News / Events
Volusia growth panel to consider Farmton plan
BY DINAH VOYLES PULVER, ENVIRONMENT WRITER
March 23, 2011
DELAND -- It took less than 25 minutes Tuesday for a Volusia County advisory panel to approve changes to the Farmton Local Plan, the road map for the long-term future of 59,000 acres the Miami Corp. owns on the Volusia-Brevard county line.
With little comment, the Planning and Land Development Regulation Commission voted 5-0 to approve a settlement agreement negotiated earlier this year among the county, the property owner and the state Department of Community Affairs. Two commission members -- Jeff Gove and Stony Sixma -- were absent.
The commission and the Volusia County Council approved an initial proposal for the land early last year, but the state planning agency said the plan didn't comply with state rules. State planners said the proposal for 25,000 homes and more than 4 million square feet of commercial space was too intense for the remote location between Edgewater and Osteen.
The department's ruling triggered hearings in each county before an administrative law judge. But, before judges' decisions were rendered in either case, the new secretary to the Community Affairs department -- appointed by Gov. Rick Scott -- approached the counties to discuss settling the cases.
The secretary, Billy Buzzett, and his staff met with each county and the landowners, negotiating new agreements that widened two proposed wildlife corridors, required inclusion of a map showing two proposed arterial roads through the project and plans for wildlife overpasses or underpasses at the point where both of those roads cross the wildlife corridors.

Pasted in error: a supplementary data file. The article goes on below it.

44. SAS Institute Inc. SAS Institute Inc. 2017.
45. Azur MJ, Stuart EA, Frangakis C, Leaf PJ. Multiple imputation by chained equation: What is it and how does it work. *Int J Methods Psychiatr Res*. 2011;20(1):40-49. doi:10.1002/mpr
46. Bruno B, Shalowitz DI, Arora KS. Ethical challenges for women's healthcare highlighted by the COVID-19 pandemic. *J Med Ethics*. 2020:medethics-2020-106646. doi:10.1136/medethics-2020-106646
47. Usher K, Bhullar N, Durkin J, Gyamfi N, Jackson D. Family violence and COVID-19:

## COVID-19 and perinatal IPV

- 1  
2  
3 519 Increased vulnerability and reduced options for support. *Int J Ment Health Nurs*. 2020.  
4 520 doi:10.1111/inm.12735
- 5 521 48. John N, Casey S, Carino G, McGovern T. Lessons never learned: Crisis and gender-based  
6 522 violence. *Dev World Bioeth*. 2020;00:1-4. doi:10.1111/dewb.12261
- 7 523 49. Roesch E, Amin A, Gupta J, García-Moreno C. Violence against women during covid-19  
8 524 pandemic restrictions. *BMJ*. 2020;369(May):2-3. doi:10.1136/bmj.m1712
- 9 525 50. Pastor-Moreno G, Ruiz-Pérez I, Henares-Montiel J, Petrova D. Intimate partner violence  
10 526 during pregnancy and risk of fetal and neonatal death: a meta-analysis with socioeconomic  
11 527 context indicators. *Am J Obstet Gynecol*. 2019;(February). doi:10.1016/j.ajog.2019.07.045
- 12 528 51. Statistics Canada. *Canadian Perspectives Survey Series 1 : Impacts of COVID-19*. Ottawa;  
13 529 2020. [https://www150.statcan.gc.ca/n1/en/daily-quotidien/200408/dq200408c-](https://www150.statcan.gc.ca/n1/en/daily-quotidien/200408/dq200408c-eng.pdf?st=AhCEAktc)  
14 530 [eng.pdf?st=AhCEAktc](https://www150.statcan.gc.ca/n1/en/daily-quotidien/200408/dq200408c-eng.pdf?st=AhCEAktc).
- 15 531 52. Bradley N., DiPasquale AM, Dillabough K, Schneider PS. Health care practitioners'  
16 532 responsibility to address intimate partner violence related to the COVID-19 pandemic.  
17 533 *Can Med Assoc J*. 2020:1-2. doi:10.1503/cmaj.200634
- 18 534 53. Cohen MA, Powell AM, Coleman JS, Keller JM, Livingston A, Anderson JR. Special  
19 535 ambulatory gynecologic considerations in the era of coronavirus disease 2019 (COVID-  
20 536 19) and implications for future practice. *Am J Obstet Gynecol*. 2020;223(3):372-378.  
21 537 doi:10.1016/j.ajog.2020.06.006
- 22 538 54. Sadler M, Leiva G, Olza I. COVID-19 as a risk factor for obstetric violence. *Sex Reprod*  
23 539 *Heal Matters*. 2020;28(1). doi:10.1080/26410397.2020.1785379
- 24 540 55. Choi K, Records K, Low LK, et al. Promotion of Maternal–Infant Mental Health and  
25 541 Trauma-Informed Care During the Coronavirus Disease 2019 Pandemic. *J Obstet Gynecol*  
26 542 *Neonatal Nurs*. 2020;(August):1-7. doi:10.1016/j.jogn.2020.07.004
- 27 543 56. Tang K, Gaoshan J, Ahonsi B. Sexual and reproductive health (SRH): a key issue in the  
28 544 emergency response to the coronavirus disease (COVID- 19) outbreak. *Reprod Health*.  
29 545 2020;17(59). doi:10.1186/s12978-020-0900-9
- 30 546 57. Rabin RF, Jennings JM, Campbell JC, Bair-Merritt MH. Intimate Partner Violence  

Brevard County already has given final approval to the revised agreement.
The Volusia County Council gave initial approval last week, and is scheduled for a final vote April 7 on the Farmton plan.
But first the agreement had to be considered by the planning commission and the Volusia Growth Management Commission.
The growth commission is set to consider the proposal tonight at 7 p.m. in the Daytona Beach City Commission chambers, 301 S. Ridgewood Ave.
In remarks to the planning board Tuesday, Jamie Seaman, deputy county attorney, reiterated that no development will be allowed until five years after the plan receives final approval.
The agreement requires the company to begin placing permanent conservation easements on the land within one year of final approval. The easements are supposed to be held by a group of agencies including the two counties, the St. Johns River Water Management District and a conservation organization. The plan also requires appointment of a stewardship organization that includes representatives of those groups to oversee management of the conservation land.
The first development will be allowed on the property's northern boundary, near the city of Edgewater. According to the initial agreement, no development will be allowed on the remaining portion of the land in Volusia County until 2025.